Please use this identifier to cite or link to this item: https://scholarbank.nus.edu.sg/handle/10635/190715
Title: QUALITY OF LIFE OF EXPATRIATES IN RELATION TO THE ACCOMMODATION NEEDS IN SINGAPORE
Authors: CHIA CHEE MENG
Issue Date: 2001
Citation: CHIA CHEE MENG (2001). QUALITY OF LIFE OF EXPATRIATES IN RELATION TO THE ACCOMMODATION NEEDS IN SINGAPORE. ScholarBank@NUS Repository.
Abstract: Aim of research is to access the quality of life of expatriates in relation to their accommodation needs. This dissertation has examined the aspects that are most likely to affect the expatriates accommodation selection, their overall accommodation satisfaction with their present dwelling, the demographic, socio-economic characteristics and housing situation of expatriates that are likely to influence their satisfaction and lastly the aspects of accommodation that are most important to the different type of householders namely private apartments/condominiums, landed properties and HDB flats. The analysis shows that both types of expatriate have different preferences, expectations and levels of satisfaction with regard to their accommodation needs. All expatriates, has ranked the following 6 aspects of accommodation in order of importance, adequacy of shopping facilities, proximity to shopping facilities, proximity to local transport and infrastructure, housing condition, public safety and physical environment. For all expatriates, they are currently dissatisfied with the following: availability of international schools, open-patio/garden yard, cost of housing, design and layout, proximity to leisure and recreation, proximity to shopping facilities. The one-way ANOVA is used to identify the socio-economic, demographic characteristics and present housing situation that significantly influence the expatriate's perception of their quality of life in relation to their accommodation needs. Asian expatriates that have more than one child, with higher gross monthly household incomes, living in private housing and staying in the east or central area, were generally more satisfied. Non-Asians with higher gross monthly income, living in private housing and staying in the east or central area were generally more satisfied.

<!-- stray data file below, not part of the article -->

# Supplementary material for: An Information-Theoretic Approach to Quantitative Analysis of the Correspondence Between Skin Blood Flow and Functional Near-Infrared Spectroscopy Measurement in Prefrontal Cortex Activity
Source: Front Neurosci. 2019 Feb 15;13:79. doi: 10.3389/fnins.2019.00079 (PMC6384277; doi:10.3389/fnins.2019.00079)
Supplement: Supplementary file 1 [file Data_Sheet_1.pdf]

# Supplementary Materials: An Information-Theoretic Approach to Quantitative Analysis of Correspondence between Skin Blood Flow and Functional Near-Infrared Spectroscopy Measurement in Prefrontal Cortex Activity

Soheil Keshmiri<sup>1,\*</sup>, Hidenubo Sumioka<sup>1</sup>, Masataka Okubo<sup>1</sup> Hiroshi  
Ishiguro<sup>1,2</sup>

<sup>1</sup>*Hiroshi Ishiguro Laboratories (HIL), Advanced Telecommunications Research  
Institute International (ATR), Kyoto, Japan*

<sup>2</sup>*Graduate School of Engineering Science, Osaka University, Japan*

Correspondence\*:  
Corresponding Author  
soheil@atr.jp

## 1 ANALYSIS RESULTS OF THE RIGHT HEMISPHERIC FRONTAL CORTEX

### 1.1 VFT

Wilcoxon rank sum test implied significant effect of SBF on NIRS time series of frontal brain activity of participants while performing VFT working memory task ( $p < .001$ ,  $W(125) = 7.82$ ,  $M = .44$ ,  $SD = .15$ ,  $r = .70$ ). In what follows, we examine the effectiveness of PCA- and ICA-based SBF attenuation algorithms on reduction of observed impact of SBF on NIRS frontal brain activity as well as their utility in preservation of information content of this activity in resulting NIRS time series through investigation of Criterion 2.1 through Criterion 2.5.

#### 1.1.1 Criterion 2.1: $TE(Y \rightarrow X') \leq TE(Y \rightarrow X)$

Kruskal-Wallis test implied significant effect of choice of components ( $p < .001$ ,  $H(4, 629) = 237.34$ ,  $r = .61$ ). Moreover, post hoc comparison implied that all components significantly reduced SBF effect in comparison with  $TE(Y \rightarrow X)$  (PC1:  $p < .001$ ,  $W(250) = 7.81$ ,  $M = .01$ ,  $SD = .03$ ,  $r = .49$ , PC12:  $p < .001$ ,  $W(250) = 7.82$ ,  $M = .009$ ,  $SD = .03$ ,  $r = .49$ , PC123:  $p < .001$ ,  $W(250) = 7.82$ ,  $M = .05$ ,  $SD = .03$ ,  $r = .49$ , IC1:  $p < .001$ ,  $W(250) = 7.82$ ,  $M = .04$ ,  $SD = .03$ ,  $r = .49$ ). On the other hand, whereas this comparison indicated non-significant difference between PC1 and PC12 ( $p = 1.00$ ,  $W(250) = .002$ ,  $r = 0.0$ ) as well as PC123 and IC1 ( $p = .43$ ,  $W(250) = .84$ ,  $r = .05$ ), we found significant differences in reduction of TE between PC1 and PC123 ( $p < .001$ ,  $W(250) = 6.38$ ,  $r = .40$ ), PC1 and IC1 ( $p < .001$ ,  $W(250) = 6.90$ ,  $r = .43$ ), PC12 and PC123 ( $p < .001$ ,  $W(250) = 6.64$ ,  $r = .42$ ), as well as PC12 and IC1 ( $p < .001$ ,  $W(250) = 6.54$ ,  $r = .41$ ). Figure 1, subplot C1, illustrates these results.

URI: https://scholarbank.nus.edu.sg/handle/10635/190715
Appears in Collections:Bachelor's Theses

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